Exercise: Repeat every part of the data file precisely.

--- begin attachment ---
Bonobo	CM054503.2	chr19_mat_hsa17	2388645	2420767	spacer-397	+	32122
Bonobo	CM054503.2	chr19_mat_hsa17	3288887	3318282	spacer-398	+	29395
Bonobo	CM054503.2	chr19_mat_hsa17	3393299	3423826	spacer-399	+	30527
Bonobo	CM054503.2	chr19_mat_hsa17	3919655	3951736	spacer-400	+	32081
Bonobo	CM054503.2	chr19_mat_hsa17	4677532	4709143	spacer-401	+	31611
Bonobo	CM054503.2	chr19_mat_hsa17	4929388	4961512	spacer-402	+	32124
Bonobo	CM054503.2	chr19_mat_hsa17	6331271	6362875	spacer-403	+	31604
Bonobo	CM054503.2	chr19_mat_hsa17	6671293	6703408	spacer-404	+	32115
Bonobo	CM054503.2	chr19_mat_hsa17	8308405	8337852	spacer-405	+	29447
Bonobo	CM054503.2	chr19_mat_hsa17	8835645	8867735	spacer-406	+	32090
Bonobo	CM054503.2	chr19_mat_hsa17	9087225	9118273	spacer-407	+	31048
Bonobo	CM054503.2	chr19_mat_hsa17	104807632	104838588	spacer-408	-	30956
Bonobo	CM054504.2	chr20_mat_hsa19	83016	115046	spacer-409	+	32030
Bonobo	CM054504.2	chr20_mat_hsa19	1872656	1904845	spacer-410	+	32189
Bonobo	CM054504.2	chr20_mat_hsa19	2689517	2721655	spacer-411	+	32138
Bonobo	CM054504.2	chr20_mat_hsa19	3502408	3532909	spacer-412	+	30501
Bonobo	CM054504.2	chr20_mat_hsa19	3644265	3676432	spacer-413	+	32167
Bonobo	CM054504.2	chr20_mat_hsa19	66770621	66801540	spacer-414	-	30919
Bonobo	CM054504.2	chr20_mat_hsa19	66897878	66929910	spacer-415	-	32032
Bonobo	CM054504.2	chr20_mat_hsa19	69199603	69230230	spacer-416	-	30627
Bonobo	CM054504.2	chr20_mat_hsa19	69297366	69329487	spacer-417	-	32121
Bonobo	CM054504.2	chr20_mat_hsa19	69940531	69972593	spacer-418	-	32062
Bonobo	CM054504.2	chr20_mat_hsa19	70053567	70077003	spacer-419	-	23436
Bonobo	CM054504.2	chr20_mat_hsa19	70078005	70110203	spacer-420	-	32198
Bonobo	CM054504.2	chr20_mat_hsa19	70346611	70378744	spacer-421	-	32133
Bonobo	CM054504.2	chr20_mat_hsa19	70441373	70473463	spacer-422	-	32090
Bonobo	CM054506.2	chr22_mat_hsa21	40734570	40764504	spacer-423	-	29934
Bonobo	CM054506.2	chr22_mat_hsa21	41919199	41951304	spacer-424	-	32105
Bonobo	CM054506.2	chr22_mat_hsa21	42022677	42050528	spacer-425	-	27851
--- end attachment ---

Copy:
Bonobo	CM054503.2	chr19_mat_hsa17	2388645	2420767	spacer-397	+	32122
Bonobo	CM054503.2	chr19_mat_hsa17	3288887	3318282	spacer-398	+	29395
Bonobo	CM054503.2	chr19_mat_hsa17	3393299	3423826	spacer-399	+	30527
Bonobo	CM054503.2	chr19_mat_hsa17	3919655	3951736	spacer-400	+	32081
Bonobo	CM054503.2	chr19_mat_hsa17	4677532	4709143	spacer-401	+	31611
Bonobo	CM054503.2	chr19_mat_hsa17	4929388	4961512	spacer-402	+	32124
Bonobo	CM054503.2	chr19_mat_hsa17	6331271	6362875	spacer-403	+	31604
Bonobo	CM054503.2	chr19_mat_hsa17	6671293	6703408	spacer-404	+	32115
Bonobo	CM054503.2	chr19_mat_hsa17	8308405	8337852	spacer-405	+	29447
Bonobo	CM054503.2	chr19_mat_hsa17	8835645	8867735	spacer-406	+	32090
Bonobo	CM054503.2	chr19_mat_hsa17	9087225	9118273	spacer-407	+	31048
Bonobo	CM054503.2	chr19_mat_hsa17	104807632	104838588	spacer-408	-	30956
Bonobo	CM054504.2	chr20_mat_hsa19	83016	115046	spacer-409	+	32030
Bonobo	CM054504.2	chr20_mat_hsa19	1872656	1904845	spacer-410	+	32189
Bonobo	CM054504.2	chr20_mat_hsa19	2689517	2721655	spacer-411	+	32138
Bonobo	CM054504.2	chr20_mat_hsa19	3502408	3532909	spacer-412	+	30501
Bonobo	CM054504.2	chr20_mat_hsa19	3644265	3676432	spacer-413	+	32167
Bonobo	CM054504.2	chr20_mat_hsa19	66770621	66801540	spacer-414	-	30919
Bonobo	CM054504.2	chr20_mat_hsa19	66897878	66929910	spacer-415	-	32032
Bonobo	CM054504.2	chr20_mat_hsa19	69199603	69230230	spacer-416	-	30627
Bonobo	CM054504.2	chr20_mat_hsa19	69297366	69329487	spacer-417	-	32121
Bonobo	CM054504.2	chr20_mat_hsa19	69940531	69972593	spacer-418	-	32062
Bonobo	CM054504.2	chr20_mat_hsa19	70053567	70077003	spacer-419	-	23436
Bonobo	CM054504.2	chr20_mat_hsa19	70078005	70110203	spacer-420	-	32198
Bonobo	CM054504.2	chr20_mat_hsa19	70346611	70378744	spacer-421	-	32133
Bonobo	CM054504.2	chr20_mat_hsa19	70441373	70473463	spacer-422	-	32090
Bonobo	CM054506.2	chr22_mat_hsa21	40734570	40764504	spacer-423	-	29934
Bonobo	CM054506.2	chr22_mat_hsa21	41919199	41951304	spacer-424	-	32105
Bonobo	CM054506.2	chr22_mat_hsa21	42022677	42050528	spacer-425	-	27851